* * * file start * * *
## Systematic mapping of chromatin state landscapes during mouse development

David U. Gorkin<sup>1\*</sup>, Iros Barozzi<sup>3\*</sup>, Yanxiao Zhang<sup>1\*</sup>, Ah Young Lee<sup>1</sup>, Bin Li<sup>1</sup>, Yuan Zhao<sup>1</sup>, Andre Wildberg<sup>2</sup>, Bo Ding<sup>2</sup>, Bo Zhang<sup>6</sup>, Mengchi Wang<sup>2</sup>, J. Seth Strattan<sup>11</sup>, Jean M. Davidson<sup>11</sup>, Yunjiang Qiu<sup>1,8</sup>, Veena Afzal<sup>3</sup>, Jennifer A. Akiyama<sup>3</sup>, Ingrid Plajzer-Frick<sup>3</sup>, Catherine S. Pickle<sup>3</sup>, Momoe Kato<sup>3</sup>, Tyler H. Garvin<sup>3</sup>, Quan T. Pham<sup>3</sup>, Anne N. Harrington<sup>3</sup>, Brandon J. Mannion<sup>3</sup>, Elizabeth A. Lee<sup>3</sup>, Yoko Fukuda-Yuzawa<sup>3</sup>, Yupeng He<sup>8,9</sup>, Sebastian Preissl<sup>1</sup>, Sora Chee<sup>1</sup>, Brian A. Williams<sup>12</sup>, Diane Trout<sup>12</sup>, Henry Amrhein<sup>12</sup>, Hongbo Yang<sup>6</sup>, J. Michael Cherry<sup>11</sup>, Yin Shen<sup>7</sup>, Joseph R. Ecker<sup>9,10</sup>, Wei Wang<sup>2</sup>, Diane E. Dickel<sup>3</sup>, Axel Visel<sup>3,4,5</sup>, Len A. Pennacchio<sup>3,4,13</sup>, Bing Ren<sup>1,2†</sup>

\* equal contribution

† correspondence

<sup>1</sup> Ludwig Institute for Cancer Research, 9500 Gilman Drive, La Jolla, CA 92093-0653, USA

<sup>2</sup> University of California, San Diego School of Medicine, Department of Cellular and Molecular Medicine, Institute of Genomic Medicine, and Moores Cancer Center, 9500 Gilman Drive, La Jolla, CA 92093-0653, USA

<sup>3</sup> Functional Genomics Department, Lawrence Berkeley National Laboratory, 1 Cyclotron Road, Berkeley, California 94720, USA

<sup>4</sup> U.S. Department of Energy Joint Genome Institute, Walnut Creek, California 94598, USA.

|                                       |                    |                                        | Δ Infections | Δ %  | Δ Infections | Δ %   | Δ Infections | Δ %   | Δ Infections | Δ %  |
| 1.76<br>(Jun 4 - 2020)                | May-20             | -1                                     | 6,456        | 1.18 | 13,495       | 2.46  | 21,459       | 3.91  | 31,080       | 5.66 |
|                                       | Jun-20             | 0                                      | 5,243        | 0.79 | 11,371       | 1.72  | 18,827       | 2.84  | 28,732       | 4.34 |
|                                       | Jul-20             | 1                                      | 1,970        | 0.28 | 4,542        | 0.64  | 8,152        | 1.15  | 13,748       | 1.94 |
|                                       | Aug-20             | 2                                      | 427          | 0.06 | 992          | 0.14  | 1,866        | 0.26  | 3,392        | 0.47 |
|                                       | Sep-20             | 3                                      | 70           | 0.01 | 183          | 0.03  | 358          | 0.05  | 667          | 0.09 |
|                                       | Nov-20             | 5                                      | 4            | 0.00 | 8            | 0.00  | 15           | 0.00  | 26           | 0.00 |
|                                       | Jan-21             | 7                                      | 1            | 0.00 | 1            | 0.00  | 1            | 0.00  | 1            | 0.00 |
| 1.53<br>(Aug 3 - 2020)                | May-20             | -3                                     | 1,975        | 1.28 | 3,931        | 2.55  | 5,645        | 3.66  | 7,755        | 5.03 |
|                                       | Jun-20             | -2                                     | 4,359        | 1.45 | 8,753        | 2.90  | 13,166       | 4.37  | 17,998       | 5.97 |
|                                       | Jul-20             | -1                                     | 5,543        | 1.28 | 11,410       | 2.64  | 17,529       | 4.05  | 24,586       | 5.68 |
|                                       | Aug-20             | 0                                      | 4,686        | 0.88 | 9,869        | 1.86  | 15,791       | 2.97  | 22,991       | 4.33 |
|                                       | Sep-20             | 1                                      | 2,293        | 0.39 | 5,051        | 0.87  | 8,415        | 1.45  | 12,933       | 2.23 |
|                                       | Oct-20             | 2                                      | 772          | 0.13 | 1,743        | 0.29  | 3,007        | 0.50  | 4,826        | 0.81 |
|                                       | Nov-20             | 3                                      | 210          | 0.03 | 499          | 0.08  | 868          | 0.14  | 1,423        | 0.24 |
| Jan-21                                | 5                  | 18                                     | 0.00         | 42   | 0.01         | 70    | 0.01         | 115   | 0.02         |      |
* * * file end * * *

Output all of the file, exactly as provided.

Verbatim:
## Systematic mapping of chromatin state landscapes during mouse development

David U. Gorkin<sup>1\*</sup>, Iros Barozzi<sup>3\*</sup>, Yanxiao Zhang<sup>1\*</sup>, Ah Young Lee<sup>1</sup>, Bin Li<sup>1</sup>, Yuan Zhao<sup>1</sup>, Andre Wildberg<sup>2</sup>, Bo Ding<sup>2</sup>, Bo Zhang<sup>6</sup>, Mengchi Wang<sup>2</sup>, J. Seth Strattan<sup>11</sup>, Jean M. Davidson<sup>11</sup>, Yunjiang Qiu<sup>1,8</sup>, Veena Afzal<sup>3</sup>, Jennifer A. Akiyama<sup>3</sup>, Ingrid Plajzer-Frick<sup>3</sup>, Catherine S. Pickle<sup>3</sup>, Momoe Kato<sup>3</sup>, Tyler H. Garvin<sup>3</sup>, Quan T. Pham<sup>3</sup>, Anne N. Harrington<sup>3</sup>, Brandon J. Mannion<sup>3</sup>, Elizabeth A. Lee<sup>3</sup>, Yoko Fukuda-Yuzawa<sup>3</sup>, Yupeng He<sup>8,9</sup>, Sebastian Preissl<sup>1</sup>, Sora Chee<sup>1</sup>, Brian A. Williams<sup>12</sup>, Diane Trout<sup>12</sup>, Henry Amrhein<sup>12</sup>, Hongbo Yang<sup>6</sup>, J. Michael Cherry<sup>11</sup>, Yin Shen<sup>7</sup>, Joseph R. Ecker<sup>9,10</sup>, Wei Wang<sup>2</sup>, Diane E. Dickel<sup>3</sup>, Axel Visel<sup>3,4,5</sup>, Len A. Pennacchio<sup>3,4,13</sup>, Bing Ren<sup>1,2†</sup>

\* equal contribution

† correspondence

<sup>1</sup> Ludwig Institute for Cancer Research, 9500 Gilman Drive, La Jolla, CA 92093-0653, USA

<sup>2</sup> University of California, San Diego School of Medicine, Department of Cellular and Molecular Medicine, Institute of Genomic Medicine, and Moores Cancer Center, 9500 Gilman Drive, La Jolla, CA 92093-0653, USA

<sup>3</sup> Functional Genomics Department, Lawrence Berkeley National Laboratory, 1 Cyclotron Road, Berkeley, California 94720, USA

<sup>4</sup> U.S. Department of Energy Joint Genome Institute, Walnut Creek, California 94598, USA.

|                                       |                    |                                        | Δ Infections | Δ %  | Δ Infections | Δ %   | Δ Infections | Δ %   | Δ Infections | Δ %  |
| 1.76<br>(Jun 4 - 2020)                | May-20             | -1                                     | 6,456        | 1.18 | 13,495       | 2.46  | 21,459       | 3.91  | 31,080       | 5.66 |
|                                       | Jun-20             | 0                                      | 5,243        | 0.79 | 11,371       | 1.72  | 18,827       | 2.84  | 28,732       | 4.34 |
|                                       | Jul-20             | 1                                      | 1,970        | 0.28 | 4,542        | 0.64  | 8,152        | 1.15  | 13,748       | 1.94 |
|                                       | Aug-20             | 2                                      | 427          | 0.06 | 992          | 0.14  | 1,866        | 0.26  | 3,392        | 0.47 |
|                                       | Sep-20             | 3                                      | 70           | 0.01 | 183          | 0.03  | 358          | 0.05  | 667          | 0.09 |
|                                       | Nov-20             | 5                                      | 4            | 0.00 | 8            | 0.00  | 15           | 0.00  | 26           | 0.00 |
|                                       | Jan-21             | 7                                      | 1            | 0.00 | 1            | 0.00  | 1            | 0.00  | 1            | 0.00 |
| 1.53<br>(Aug 3 - 2020)                | May-20             | -3                                     | 1,975        | 1.28 | 3,931        | 2.55  | 5,645        | 3.66  | 7,755        | 5.03 |
|                                       | Jun-20             | -2                                     | 4,359        | 1.45 | 8,753        | 2.90  | 13,166       | 4.37  | 17,998       | 5.97 |
|                                       | Jul-20             | -1                                     | 5,543        | 1.28 | 11,410       | 2.64  | 17,529       | 4.05  | 24,586       | 5.68 |
|                                       | Aug-20             | 0                                      | 4,686        | 0.88 | 9,869        | 1.86  | 15,791       | 2.97  | 22,991       | 4.33 |
|                                       | Sep-20             | 1                                      | 2,293        | 0.39 | 5,051        | 0.87  | 8,415        | 1.45  | 12,933       | 2.23 |
|                                       | Oct-20             | 2                                      | 772          | 0.13 | 1,743        | 0.29  | 3,007        | 0.50  | 4,826        | 0.81 |
|                                       | Nov-20             | 3                                      | 210          | 0.03 | 499          | 0.08  | 868          | 0.14  | 1,423        | 0.24 |
| Jan-21                                | 5                  | 18                                     | 0.00         | 42   | 0.01         | 70    | 0.01         | 115   | 0.02         |      |